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Top 500 2015 Trends

Sharing Economy Backlash

You might assume companies that are part of the “sharing economy” would play nice. Think again. According to Time magazine, “it’s a semi-regulated, tech-enabled, blatantly capitalistic peer-to-peer business model. Sure, it helps people earn a few bucks or get services cheaper than usual, but…[it] can be brutally cut-throat in the way seemingly everything and everyone can be monetized.”
If you have a mind to become a “sharing entrepreneur,” you should probably consider the following complaints:
Sabotage. Ride-sharing competitors Uber and Lyft have been accused of “tech’s fiercest rivalry,” including strategies like cash bonuses to lure drivers from one company to the other, and booking—then canceling—thousands of rides.
Surge pricing. Uber, in particular, has been known to bump rates in times of high demand. Natural disasters, emergencies and even large gatherings and events have led to drastic temporary rate increases.
Unethical guests. Sharing your home can be problematic when visitors refuse to show common courtesy or respect the space. Complaints have ranged from illegal activities and orgies to squatters.
Wrecking the housing market. Landlords in desirable, touristy destinations have been accused of turning homes and apartments into quasi-hotels, even evicting long-term tenants in favor of more lucrative, short-term contracts. Needless to say, in both of these last two cases, permanent neighbors are none too happy.
Illegal currency trading. Depending where you are in the world, it can be illegal to conduct business in a non-national currency. But that’s exactly what can happen when contracting through an American-based (and, therefore, dollar-based) sharing company.
Ruining wages. Cab drivers have rallied the cause here, but the competitive nature of sharing commoditizes all sorts of skills and services, eventually devaluing workers in myriad industries.

Shopping for Good

There’s a growing number of consumers (more than 2 billion globally) seeking to unite style, social status and sustainability through their purchases these days, and researchers at BBMG and GlobeScan have coined the term “aspirationals” to describe them.
“Driven by young, optimistic consumers in emerging markets and amplified by technology and social media’s influence, aspirationals represent a powerful shift in sustainable consumption from obligation to desire,” said Raphael Bemporad, co-founder and chief strategy officer at brand innovation consultancy BBMG.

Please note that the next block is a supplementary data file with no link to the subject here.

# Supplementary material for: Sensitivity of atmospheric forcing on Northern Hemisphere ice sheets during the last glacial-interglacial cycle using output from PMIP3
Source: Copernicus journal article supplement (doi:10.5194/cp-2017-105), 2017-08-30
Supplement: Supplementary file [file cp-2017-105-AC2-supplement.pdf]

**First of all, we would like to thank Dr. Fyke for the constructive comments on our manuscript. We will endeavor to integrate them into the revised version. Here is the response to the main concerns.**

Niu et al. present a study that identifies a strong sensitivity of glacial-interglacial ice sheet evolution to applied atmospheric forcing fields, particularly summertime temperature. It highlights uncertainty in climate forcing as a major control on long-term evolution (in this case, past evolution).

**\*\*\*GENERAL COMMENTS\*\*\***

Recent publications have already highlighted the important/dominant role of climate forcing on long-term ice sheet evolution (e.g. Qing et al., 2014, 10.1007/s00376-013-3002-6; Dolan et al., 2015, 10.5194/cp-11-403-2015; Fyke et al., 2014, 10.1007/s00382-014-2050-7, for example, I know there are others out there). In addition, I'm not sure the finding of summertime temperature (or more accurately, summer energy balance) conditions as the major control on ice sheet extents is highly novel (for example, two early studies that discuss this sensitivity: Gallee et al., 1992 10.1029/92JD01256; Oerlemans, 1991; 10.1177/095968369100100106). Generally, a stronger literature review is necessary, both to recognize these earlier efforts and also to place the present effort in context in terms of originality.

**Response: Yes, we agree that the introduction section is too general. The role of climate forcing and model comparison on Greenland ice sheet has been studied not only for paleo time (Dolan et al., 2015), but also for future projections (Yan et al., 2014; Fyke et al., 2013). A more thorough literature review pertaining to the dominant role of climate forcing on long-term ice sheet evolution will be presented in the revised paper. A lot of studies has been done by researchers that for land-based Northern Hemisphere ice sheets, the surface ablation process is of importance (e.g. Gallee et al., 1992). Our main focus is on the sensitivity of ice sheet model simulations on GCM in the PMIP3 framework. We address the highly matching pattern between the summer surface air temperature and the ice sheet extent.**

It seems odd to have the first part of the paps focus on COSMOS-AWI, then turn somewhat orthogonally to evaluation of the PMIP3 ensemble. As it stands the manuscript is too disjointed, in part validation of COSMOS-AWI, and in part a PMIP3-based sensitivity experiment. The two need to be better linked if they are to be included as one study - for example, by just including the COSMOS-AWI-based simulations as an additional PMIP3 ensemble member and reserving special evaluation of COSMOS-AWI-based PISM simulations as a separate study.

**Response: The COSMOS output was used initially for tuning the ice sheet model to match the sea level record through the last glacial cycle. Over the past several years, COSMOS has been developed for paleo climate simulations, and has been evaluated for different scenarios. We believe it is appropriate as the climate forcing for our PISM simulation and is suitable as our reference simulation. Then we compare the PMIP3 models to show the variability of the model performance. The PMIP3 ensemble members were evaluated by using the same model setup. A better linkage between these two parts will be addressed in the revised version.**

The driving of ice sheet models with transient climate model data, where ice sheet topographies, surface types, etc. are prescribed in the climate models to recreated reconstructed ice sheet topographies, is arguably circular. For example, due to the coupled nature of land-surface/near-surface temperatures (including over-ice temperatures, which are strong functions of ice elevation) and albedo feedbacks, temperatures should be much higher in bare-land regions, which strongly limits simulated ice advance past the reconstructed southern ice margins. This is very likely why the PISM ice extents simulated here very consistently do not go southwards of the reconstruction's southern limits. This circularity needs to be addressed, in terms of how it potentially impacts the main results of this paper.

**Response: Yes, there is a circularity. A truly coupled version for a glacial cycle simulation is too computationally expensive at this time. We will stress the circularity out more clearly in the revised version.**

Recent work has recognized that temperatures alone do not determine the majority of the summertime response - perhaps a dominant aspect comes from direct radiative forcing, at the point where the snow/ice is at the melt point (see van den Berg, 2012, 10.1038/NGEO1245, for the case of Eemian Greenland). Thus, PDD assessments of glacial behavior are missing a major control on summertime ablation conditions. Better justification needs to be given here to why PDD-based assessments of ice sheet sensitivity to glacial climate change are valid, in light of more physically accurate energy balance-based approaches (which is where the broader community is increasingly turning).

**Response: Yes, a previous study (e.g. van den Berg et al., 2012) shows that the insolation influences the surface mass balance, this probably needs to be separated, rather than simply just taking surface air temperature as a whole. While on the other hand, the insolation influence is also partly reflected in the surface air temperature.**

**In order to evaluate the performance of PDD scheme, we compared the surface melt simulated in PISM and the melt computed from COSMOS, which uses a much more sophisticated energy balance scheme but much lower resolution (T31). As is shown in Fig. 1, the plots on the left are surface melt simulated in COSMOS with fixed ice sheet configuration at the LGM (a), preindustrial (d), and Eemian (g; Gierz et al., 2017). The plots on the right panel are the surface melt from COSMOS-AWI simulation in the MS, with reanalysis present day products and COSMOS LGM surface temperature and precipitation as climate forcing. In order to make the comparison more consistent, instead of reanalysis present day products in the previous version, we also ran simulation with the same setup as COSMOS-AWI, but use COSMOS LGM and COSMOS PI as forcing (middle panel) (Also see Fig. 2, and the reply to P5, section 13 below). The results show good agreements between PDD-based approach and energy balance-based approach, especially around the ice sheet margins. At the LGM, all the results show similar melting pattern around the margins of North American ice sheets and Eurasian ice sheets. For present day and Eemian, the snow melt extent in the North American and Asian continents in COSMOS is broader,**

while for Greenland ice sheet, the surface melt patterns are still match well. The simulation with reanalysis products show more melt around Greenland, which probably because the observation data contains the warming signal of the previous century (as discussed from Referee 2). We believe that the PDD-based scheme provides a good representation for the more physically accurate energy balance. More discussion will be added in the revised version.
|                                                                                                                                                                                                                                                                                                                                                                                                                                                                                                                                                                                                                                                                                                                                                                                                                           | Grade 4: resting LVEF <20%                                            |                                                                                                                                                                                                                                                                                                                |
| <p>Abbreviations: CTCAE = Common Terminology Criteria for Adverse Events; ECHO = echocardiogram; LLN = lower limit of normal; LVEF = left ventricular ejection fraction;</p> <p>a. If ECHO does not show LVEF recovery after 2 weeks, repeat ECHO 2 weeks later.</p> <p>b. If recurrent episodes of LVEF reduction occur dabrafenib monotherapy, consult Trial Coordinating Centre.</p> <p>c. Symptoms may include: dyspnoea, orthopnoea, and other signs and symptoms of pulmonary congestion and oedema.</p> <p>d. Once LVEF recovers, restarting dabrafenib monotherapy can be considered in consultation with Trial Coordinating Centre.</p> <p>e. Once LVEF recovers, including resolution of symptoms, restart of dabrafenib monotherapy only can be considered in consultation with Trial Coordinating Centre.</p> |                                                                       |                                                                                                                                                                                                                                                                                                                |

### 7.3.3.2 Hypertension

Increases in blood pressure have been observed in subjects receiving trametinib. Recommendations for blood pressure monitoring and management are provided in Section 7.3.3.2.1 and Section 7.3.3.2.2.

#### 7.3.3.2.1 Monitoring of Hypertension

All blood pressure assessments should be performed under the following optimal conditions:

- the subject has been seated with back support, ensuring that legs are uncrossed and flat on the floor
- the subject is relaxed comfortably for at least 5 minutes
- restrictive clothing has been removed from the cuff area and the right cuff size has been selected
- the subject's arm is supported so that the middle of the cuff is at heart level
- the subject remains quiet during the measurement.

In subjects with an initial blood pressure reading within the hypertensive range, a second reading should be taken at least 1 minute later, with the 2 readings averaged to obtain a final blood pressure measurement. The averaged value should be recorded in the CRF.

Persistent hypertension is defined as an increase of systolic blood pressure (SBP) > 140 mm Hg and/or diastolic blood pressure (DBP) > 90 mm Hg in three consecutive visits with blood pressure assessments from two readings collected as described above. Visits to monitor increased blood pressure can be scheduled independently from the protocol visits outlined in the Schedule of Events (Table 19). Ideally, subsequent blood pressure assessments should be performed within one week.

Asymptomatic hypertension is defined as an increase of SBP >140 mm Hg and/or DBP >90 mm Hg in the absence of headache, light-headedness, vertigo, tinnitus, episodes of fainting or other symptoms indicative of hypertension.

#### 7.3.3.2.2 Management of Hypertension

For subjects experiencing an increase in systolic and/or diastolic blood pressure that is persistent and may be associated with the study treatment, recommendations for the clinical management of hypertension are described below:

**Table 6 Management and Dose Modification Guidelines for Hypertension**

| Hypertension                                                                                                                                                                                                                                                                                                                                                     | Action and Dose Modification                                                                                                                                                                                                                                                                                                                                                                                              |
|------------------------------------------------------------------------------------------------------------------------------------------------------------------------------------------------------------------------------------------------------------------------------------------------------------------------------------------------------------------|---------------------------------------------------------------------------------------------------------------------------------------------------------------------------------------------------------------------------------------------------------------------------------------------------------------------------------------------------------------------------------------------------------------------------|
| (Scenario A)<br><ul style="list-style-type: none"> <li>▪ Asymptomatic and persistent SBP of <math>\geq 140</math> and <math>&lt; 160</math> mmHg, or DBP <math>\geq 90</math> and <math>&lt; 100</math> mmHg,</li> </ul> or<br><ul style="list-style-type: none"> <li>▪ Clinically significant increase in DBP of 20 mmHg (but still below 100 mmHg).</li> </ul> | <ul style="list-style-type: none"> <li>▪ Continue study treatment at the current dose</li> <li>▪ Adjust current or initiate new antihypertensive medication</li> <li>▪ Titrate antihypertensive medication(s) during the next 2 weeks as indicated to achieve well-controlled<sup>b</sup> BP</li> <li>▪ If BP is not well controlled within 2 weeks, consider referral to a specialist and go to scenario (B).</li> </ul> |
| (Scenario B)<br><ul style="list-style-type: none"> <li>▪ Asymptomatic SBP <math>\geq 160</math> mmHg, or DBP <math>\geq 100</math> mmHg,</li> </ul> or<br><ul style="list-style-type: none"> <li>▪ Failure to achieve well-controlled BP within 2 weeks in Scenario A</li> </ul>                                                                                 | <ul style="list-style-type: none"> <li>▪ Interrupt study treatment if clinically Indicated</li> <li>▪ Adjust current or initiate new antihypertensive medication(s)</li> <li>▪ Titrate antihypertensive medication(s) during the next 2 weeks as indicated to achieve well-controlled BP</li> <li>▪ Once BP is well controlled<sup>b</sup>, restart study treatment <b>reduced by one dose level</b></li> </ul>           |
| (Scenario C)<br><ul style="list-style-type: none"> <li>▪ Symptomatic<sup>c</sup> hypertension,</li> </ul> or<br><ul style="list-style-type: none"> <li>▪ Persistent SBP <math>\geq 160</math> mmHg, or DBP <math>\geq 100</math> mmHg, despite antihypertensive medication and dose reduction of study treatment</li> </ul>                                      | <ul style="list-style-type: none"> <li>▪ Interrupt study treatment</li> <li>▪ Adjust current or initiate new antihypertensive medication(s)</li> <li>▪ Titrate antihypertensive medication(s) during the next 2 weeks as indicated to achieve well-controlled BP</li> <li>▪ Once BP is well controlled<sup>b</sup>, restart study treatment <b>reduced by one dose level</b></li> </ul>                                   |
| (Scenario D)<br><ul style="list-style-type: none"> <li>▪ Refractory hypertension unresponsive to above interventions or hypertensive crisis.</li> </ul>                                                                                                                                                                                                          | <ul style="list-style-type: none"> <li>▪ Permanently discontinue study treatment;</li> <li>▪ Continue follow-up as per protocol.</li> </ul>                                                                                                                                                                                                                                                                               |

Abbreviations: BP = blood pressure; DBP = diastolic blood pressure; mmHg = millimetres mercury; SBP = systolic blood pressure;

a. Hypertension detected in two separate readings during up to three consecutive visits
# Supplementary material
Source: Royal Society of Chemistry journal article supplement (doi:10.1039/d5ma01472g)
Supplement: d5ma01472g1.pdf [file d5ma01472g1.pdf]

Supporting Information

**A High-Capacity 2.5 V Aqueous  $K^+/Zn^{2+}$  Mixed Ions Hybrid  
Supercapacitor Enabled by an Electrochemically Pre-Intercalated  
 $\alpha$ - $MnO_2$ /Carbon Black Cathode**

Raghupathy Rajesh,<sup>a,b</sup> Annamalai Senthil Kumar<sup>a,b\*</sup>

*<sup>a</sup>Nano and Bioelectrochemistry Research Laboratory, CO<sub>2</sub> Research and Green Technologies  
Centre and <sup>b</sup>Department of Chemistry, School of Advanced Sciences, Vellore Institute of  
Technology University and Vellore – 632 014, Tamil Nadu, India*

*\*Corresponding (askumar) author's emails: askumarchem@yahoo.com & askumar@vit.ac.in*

Many aspirationals are reclaiming used goods to create their own products and services, while established companies are making moves to engage them. An example is Santa Rosa-based Indigenous, which is a fair trade retailer that created the Fair Trace Tool, enabled by a QR code on its hang tags. Users can scan the code to learn about the item’s origins, artisans and social impact. Another example is San Francisco-based WE’VE, which focuses on transparency for all its “consciously crafted” products.
“By engaging aspirational consumers, brands can further the shift toward more sustainable consumption and influence behavior change at scale,” adds Eric Whan, sustainability director at GlobeScan.
By making conscious choices regarding our purchases, the prospect of a sustainable, more prosperous future across the globe—and close to home—is certainly within reach.

Eat This! (Not That.)

The North Bay is known as a foodie mecca, so without further ado, here are some new food trends for 2015:
Protein. Paleo is the new Atkins. Also, look for protein being extracted from an increased number of nonanimal sources, such as rice and peas.
Dark chocolate. It’s high in flavonoids, has less sugar and is great for the brain. It’s time to challenge your sweet tooth and rethink the candy bar.
Transparency. Consumers are looking for foods that are simply raised and prepared with clear, honest labeling. Basically, shoppers want a better idea about ingredients and origin of food.
Home chefs. Cooking has evolved beyond a chore. Today, 26 percent of U.S. consumers claim to have advanced cooking skills, up from 20 percent three years ago. Is it time to invest in some high-end gadgets?
Hot veggies. Last year’s sweetheart kale is now making way for other uncommon choices, such as seaweed, parsnips and Brussels sprouts—not just as a dinner side, but also served dried and seasoned as snacks.


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